As the climate changes, flooding and dangerously high winds are increasingly common, placing greater burdens on municipalities and property owners.
Stately trees, undermined by saturated soil and wind, topple. Buildings and basements flood in areas that historically have not had such problems.
Addressing climate change takes a two-pronged approach: climate mitigation to stop the source of climate change and climate adaptation, or resiliency, to prepare for the changes, said Concord Sustainability Director Eric Simms.
The solutions are separate but related, he said.
Concord is working on both sides of the issue on a town-wide basis.
Mitigation includes moving away from greenhouse gas-producing fossil fuels to electricity where possible. Concord Municipal Light Plant expects to reach a goal of purchasing all sustainable electricity within the year, Simms said. It also has enough capacity for increased electric use as existing heating systems and vehicles are replaced by electric versions.
On the town’s side, the easy things, the “low-hanging fruit,” such as using energy-efficient lighting, are done, he said. Bigger projects will be expensive.
“The town is committed to moving forward on electrifying our town buildings as much as we possibly can,” he said. It will begin a deep energy audit on its buildings, providing a baseline for a strategic and capital plan to prioritize spending.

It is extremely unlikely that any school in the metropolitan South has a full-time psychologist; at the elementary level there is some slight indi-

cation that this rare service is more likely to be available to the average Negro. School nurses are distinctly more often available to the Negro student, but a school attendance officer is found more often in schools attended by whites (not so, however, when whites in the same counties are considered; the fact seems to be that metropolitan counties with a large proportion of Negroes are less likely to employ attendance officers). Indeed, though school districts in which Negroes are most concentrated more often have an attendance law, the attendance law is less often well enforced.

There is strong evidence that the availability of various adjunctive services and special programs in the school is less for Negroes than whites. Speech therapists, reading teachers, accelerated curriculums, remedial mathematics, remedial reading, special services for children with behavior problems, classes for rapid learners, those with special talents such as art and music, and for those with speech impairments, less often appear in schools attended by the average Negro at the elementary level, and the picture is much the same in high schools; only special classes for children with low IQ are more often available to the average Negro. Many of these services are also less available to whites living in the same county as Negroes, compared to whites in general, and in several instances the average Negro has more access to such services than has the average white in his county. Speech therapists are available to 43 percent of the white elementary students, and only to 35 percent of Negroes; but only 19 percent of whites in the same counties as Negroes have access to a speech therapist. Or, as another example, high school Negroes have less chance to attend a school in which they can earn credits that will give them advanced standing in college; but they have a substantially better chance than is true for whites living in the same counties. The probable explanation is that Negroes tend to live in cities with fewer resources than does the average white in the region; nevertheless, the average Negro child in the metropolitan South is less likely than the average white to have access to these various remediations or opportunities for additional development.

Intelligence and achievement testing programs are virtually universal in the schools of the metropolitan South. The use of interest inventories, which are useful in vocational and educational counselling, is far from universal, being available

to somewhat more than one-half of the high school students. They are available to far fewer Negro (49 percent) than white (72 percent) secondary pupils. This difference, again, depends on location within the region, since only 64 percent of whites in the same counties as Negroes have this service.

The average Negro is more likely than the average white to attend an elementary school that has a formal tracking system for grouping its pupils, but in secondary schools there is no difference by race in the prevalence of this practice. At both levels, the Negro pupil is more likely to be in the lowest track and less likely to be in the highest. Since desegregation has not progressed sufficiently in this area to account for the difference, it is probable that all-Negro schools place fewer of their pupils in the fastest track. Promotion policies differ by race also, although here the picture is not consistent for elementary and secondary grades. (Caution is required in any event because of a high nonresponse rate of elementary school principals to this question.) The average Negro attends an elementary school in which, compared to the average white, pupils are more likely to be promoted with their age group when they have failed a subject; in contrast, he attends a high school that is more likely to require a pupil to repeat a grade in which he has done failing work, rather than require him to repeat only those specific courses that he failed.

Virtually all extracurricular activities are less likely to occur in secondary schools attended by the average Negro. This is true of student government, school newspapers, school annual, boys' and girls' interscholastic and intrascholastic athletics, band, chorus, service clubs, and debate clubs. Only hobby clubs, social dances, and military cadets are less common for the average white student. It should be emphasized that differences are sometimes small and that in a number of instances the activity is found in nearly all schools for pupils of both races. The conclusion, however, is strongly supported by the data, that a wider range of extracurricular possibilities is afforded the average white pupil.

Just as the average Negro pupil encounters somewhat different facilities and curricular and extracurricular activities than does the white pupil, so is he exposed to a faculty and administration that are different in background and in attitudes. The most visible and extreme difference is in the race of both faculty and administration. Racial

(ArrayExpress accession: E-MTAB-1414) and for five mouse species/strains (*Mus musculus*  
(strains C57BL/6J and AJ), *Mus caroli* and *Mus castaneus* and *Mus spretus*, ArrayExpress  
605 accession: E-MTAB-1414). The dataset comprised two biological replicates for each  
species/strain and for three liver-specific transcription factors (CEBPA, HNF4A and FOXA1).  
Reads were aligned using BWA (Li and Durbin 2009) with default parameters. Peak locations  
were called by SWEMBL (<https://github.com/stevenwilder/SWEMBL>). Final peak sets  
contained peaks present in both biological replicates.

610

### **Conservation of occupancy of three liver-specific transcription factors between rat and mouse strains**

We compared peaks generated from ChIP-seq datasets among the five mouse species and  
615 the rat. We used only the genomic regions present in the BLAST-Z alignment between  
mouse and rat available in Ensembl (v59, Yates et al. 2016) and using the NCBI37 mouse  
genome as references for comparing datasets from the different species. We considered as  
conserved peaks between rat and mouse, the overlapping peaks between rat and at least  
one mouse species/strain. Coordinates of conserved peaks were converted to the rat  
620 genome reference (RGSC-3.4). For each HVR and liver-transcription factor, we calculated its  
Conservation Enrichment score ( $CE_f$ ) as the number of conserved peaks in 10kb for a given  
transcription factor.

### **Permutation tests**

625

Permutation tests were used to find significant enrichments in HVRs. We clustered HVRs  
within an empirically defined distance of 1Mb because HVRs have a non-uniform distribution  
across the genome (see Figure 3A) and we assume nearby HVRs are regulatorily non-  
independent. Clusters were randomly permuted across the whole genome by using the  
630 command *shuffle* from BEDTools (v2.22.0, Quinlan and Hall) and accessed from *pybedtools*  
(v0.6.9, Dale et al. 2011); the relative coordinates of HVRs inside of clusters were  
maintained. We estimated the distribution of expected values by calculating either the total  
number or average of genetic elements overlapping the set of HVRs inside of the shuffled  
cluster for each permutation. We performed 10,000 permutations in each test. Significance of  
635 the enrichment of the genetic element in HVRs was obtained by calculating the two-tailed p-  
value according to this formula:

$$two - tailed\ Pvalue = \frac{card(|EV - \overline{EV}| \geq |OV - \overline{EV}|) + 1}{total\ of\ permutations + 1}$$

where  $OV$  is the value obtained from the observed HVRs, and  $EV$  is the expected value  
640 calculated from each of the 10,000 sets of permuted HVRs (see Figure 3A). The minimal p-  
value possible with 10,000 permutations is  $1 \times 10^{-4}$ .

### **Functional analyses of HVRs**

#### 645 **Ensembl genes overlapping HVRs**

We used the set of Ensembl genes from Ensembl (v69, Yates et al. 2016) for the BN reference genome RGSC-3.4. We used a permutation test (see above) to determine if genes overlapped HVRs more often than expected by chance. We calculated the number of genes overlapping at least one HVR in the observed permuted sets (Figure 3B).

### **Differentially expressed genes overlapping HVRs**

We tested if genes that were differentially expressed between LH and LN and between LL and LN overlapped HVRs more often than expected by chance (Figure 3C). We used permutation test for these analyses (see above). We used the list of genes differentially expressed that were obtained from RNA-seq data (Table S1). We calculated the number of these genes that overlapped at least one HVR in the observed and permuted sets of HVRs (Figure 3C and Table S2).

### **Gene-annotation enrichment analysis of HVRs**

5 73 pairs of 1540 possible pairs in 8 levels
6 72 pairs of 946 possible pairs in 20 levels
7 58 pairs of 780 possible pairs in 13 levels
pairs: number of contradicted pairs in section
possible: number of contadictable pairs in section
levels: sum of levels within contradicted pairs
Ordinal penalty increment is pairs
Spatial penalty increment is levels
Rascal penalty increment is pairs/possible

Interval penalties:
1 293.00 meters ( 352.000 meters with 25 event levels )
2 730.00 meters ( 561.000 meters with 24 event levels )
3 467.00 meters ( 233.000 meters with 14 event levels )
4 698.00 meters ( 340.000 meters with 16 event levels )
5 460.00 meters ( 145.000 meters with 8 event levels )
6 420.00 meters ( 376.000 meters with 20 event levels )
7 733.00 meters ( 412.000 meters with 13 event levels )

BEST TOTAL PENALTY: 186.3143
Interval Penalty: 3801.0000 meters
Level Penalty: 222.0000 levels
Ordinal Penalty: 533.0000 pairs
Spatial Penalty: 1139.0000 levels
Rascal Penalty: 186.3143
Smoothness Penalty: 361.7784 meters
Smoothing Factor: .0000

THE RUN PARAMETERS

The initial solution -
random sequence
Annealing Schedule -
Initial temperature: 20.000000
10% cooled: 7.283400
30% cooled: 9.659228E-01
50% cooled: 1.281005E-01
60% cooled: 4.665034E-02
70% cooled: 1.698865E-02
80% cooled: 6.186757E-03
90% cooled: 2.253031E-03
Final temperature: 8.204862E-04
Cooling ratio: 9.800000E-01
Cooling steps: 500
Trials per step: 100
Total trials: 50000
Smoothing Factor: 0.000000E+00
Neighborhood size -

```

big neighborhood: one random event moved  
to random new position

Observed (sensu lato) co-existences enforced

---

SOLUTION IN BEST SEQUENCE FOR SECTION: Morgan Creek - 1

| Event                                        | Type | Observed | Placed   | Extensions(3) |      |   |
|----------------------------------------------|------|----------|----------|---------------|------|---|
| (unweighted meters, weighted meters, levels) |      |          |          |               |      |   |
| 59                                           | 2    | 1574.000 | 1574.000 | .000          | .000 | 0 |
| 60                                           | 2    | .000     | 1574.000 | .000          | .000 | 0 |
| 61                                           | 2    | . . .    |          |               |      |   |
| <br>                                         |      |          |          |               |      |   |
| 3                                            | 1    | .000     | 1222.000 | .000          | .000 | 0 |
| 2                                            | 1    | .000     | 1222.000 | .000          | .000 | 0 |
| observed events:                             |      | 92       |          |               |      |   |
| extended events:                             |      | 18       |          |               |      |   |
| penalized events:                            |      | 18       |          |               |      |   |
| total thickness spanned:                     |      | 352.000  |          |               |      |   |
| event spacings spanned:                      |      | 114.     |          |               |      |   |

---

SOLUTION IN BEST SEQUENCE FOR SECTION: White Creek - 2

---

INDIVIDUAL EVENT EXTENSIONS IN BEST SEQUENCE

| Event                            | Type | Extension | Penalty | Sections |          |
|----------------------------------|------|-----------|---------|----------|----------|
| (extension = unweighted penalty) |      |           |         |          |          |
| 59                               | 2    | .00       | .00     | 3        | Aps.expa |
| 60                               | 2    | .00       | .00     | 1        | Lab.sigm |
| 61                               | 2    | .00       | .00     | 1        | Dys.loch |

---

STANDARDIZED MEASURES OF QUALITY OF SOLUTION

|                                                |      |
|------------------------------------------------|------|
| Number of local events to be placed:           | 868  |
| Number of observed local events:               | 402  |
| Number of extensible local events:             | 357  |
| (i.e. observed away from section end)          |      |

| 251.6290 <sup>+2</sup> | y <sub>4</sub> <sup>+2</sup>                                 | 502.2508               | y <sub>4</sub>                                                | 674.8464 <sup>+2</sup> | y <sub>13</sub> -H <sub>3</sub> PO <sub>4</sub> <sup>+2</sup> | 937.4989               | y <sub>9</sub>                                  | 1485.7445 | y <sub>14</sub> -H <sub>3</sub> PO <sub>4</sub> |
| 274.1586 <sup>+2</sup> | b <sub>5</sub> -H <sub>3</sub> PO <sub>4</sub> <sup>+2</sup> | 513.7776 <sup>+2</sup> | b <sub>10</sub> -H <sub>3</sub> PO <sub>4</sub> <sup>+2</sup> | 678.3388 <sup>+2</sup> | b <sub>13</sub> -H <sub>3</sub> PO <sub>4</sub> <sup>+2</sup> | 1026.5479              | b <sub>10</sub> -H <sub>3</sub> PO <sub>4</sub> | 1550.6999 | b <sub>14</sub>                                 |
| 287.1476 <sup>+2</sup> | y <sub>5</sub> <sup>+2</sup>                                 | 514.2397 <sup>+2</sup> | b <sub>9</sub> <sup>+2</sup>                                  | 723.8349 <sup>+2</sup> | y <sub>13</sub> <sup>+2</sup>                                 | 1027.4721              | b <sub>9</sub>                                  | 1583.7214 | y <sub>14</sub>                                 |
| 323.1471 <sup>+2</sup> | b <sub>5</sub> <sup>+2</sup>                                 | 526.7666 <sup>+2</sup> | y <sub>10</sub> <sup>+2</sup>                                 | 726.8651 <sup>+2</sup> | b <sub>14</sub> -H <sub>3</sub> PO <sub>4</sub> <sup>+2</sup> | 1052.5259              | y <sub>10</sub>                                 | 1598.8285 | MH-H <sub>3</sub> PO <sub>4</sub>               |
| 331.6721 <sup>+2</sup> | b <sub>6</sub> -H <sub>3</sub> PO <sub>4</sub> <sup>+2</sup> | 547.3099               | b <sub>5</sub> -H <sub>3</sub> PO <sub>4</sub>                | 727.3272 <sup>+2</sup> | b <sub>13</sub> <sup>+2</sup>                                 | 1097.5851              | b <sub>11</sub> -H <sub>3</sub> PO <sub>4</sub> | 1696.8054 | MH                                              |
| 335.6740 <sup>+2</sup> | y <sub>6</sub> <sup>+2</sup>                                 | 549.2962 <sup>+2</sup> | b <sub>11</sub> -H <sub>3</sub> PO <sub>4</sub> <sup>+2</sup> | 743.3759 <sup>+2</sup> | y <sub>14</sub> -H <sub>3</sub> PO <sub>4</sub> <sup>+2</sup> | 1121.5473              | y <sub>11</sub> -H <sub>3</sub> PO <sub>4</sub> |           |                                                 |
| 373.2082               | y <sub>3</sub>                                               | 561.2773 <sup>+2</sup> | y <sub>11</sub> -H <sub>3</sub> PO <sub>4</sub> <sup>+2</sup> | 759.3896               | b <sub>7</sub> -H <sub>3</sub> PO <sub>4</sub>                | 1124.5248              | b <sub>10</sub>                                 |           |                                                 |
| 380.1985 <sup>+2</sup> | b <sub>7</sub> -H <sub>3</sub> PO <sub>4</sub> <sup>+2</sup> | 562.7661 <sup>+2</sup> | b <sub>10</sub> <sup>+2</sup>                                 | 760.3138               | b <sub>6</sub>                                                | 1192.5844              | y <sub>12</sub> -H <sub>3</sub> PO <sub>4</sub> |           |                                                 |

Town vehicles, when possible, are being replaced with electric models as they go out of service, he said.
The town provides a free composting service which keeps food waste out of the solid waste stream where it would create methane, a potent greenhouse gas.
Concord has been working for two years to be one of ten municipalities participating in the Municipal Fossil Fuel Free Building Program, a pilot program through the Massachusetts Department of Energy Resources. If approved, “fossil fuels will be prohibited in all new residential and commercial construction in Concord with some exceptions,” he wrote in an email.
Town Meeting already passed a specialized stretch code which emphasizes high efficiency standards for new construction.
On the other side of the coin is ensuring the town’s infrastructure is ready for the increasing and unpredictable storms.
“The town is very aware and focused on climate resilience,” Simms said. “The town is leading by example.”
The town and its residents will benefit financially if the town is prepared. Homeowners insurance costs and even the municipal credit rating are partially based on the town’s preparedness.
“It’s a big undertaking,” Simms said, “It’s very expensive.”
The town’s Hazard Mitigation Plan, adopted in April, examined existing hazards and projections to assess risks and set strategies for mitigation.
“There’s a lot of planning happening,” Simms said.
Stormwater is a big challenge and Concord Public Works is concerned with the town’s infrastructure. Limited funding is a key challenge, CPW Director Alan Cathcart wrote in an email.
Weston & Sampson Engineering, Inc. will be evaluating the status of the system, future needs and how they could be funded. That work will include public outreach and stakeholder involvement, Cathcart wrote. CPW may propose a stormwater utility at the 2024 Town Meeting.
The Planning Department is working with a consultant on a transportation and mobility study, Simms said.
On a more immediate basis, the town is well prepared to address emergencies, Simms said.
Residents can register for Code Red alerts by signing up on the concordma.gov website under “quick links” at the bottom of the page.
Two town employees, Assistant Fire Chief Walter Latta and Highway and Grounds Supervisor Aaron Miklosko, are part of the Federal Emergency Management Agency response team. They recently deployed to Vermont to assist after flooding with FEMA Urban Search and Rescue.
CMLP has a tree service ready to call when needed.